Monday, December 8, 2008

Two Letters to the Editor


Democracy on strike

RONALD WRIGHT author, A Short History of Progress December 8, 2008 Salt Spring Island, B.C. --

Eight years ago, Canadians watched in disbelief as the U.S. failed to carry out a recount in the election that installed George W. Bush. We had reason to be proud of the advantages of our parliamentary system. Now Canada has made an even more serious constitutional blunder, and it is our turn to hang our heads in shame. Modern parliamentary democracy rests on a single great principle: The government must have the consent of the governed. This consent is delegated by the people to their MPs. The government must then be able to carry the "confidence" of the House of Commons. Majority governments rarely lose that confidence; minority governments often do. When the government cannot carry the House, it falls. Suspending Parliament to dodge a vote the government fears it will lose is so deeply undemocratic, it should never have been mooted by politicians, the media or the Governor-General. The English Civil War was fought on this very issue - after King Charles I shut down Parliament when he found its restrictions uncongenial. The King lost his head. We no longer behead people in Canada, but Stephen Harper's coup d'├ętat cannot be allowed to stand, not least because of the precedent. Any future government can now slip the leash of democracy in the same way. This is how constitutions fail.

JOY RUTTAN December 8, 2008 Gatineau, Que. --

Since Stephen Harper has refused to go to work, it would seem that he is on strike and therefore should not be getting his salary. How much strike pay is enough for a dishonourable prime minister?

5 comments:

A. G. Tsakumis said...

Unfortunately for Mr. Ruttan, h misses the point entirely.

To here credit, the GG recognized the inflammatory and dangerous precedent that would be set by giving life to a coalition whose vote lock is from separatist vermin.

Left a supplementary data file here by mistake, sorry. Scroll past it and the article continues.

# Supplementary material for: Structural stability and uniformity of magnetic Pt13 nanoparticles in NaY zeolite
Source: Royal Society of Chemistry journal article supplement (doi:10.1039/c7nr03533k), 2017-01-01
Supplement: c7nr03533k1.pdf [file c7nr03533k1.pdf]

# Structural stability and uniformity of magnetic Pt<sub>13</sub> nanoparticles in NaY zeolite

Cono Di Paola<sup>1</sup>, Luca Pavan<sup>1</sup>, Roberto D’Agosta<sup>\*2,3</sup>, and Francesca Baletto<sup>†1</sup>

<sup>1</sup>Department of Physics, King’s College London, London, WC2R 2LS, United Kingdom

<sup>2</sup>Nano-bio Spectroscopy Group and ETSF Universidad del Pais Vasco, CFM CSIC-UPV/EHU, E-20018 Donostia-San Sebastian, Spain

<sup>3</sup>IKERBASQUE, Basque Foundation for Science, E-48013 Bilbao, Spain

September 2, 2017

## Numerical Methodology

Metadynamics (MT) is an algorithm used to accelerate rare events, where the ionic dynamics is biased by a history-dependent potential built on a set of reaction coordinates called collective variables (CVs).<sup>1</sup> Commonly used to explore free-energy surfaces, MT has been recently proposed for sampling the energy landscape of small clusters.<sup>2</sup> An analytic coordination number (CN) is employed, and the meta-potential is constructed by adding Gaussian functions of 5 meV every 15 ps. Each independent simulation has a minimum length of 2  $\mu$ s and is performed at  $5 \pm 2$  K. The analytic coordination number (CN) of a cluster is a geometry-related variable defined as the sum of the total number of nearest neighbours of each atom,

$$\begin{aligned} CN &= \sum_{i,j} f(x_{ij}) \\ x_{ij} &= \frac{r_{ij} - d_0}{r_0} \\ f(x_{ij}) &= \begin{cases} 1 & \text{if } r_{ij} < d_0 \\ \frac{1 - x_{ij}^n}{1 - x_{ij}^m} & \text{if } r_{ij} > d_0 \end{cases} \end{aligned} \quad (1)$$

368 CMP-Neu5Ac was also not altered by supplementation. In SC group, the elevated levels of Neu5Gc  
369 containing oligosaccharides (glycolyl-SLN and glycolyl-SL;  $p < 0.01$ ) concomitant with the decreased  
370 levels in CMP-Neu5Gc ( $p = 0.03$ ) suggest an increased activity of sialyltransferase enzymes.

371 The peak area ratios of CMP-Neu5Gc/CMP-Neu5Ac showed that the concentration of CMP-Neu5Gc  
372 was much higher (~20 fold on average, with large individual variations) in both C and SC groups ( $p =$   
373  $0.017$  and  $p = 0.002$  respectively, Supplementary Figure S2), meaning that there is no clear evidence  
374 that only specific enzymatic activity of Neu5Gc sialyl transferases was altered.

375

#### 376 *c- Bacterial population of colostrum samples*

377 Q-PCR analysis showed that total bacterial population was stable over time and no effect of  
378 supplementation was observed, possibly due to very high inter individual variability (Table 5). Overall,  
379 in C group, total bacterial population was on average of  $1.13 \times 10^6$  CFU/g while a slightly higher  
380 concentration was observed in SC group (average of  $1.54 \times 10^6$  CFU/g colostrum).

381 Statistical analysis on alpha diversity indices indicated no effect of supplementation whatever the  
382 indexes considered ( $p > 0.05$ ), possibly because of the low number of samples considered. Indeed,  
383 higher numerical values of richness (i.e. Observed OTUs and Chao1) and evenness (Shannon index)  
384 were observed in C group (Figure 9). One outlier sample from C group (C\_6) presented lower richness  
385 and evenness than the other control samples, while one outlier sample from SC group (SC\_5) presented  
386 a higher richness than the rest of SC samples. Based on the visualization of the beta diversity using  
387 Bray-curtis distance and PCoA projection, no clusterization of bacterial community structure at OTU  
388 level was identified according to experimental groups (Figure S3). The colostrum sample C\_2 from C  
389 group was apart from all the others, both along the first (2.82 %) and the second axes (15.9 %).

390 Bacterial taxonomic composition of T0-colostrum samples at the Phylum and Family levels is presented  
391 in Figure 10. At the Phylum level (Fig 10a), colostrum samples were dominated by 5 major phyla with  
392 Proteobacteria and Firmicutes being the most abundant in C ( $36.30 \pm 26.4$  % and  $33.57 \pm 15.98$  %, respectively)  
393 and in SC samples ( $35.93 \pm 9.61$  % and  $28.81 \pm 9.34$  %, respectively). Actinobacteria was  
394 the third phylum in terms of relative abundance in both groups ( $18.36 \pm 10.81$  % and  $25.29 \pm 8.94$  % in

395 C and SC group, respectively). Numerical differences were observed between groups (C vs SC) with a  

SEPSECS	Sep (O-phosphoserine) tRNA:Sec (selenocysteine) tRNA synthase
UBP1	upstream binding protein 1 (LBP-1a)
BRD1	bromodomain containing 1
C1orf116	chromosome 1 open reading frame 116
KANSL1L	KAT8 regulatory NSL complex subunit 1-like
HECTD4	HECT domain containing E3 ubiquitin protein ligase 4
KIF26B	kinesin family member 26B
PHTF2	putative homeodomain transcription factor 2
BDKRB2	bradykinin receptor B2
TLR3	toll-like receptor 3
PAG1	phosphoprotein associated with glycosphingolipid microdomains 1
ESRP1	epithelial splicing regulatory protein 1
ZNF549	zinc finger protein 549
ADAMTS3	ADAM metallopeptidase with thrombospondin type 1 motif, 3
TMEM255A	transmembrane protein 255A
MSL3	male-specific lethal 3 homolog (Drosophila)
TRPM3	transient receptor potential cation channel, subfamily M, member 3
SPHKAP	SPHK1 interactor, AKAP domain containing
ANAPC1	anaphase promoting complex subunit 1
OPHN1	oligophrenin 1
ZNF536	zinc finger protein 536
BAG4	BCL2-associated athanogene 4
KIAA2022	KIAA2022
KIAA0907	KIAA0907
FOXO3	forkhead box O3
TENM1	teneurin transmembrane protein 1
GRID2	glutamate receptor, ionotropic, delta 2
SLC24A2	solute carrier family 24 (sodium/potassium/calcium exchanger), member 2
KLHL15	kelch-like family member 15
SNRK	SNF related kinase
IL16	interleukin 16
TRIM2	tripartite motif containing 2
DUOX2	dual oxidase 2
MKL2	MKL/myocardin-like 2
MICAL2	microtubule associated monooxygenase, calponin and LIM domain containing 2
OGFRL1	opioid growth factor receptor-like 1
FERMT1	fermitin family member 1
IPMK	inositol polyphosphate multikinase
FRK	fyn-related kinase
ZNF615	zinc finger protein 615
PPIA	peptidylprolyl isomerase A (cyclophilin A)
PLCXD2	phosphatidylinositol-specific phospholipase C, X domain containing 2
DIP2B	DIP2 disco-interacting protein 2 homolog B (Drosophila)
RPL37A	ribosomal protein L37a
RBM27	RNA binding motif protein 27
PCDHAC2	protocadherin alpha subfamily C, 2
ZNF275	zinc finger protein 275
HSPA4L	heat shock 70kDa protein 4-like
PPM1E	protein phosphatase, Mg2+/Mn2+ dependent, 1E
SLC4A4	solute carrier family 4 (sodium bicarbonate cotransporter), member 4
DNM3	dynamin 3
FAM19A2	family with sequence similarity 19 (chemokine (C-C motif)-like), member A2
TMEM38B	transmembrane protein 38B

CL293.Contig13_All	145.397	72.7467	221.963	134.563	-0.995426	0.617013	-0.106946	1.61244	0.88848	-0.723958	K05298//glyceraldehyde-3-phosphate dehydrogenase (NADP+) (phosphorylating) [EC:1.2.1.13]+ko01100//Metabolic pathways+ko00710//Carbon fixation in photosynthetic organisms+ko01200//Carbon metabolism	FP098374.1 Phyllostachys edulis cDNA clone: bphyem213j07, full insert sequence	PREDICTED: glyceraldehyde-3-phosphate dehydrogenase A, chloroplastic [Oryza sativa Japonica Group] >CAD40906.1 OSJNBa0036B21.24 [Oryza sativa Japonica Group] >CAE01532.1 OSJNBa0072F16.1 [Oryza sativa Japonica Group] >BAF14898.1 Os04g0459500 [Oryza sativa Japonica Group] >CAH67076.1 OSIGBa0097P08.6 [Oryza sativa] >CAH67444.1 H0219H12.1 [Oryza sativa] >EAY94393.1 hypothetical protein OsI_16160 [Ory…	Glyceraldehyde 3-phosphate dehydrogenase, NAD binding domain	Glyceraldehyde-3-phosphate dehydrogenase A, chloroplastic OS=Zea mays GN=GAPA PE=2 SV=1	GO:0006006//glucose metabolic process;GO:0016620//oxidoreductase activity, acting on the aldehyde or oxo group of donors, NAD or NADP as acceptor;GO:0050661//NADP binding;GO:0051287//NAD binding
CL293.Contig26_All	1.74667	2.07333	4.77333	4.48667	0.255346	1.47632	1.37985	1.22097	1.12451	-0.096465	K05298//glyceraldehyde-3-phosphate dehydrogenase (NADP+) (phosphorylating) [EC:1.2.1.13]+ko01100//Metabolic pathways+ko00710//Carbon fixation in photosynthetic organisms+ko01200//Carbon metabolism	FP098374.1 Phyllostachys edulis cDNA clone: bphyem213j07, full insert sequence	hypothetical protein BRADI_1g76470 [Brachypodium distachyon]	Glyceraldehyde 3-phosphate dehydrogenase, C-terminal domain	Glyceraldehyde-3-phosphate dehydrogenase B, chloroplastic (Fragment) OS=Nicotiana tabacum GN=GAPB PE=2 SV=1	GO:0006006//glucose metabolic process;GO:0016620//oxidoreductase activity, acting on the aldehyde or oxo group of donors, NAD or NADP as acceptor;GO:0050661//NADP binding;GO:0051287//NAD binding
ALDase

And that, and not the overbearing Mr. Harper, was the overriding issue.

Then again, who would be surprised? Gatineau is still the breeding ground for enough of the Bloc vote, but they are slipping...they lost the Beauce and the surrounding parts of the island, thankfully..

It will be interesting to see what happens in Quebec tonight.

If Charest wins a majority it will be a fiesta day in my life.

Pelalusa said...

I absolutely disagree with both of these comments. I invite everyone to listen to Norman Spector and Bill Tieleman discuss last week's events here. They have a very different take on who attempted the peaceful coup d'etat. Is Tieleman, a lifelong NDP supporter & pundit, delusional as well?

I was at the Rally for Canada on Saturday and damn proud of it! AND had the situation been reversed, with the Liberals or NDP elected and the Conservatives trying to pull the same thing, I ALSO would have been out there protesting against the Tories.

Just because one has HDS (Harper Derangement Syndrome) does not give them carte blanche permission to betray the will of the People of Canada.

keith said...

The argument by those who support a coalition, is that more votes were cast for the other parties in total than were for the Conservatives.
But nobody knew they were voting for a coalition.
Next election, the NDP are toast.

David in North Burnaby BC said...

"separatist vermin. "

Not a very civil manner of discourse. When was the last time the author read reference to "federalist morons", for example, from those on the other side of what should remain a civilized debate?
So, separatists are vermin Mr Tsakumis? What's your plan for exterminating us?

Anonymous said...

When I clicked on Pelalusa's Norman Spector and Bill Tieleman "here" link I was alerted by my computer security system that it is an attack site. Be careful.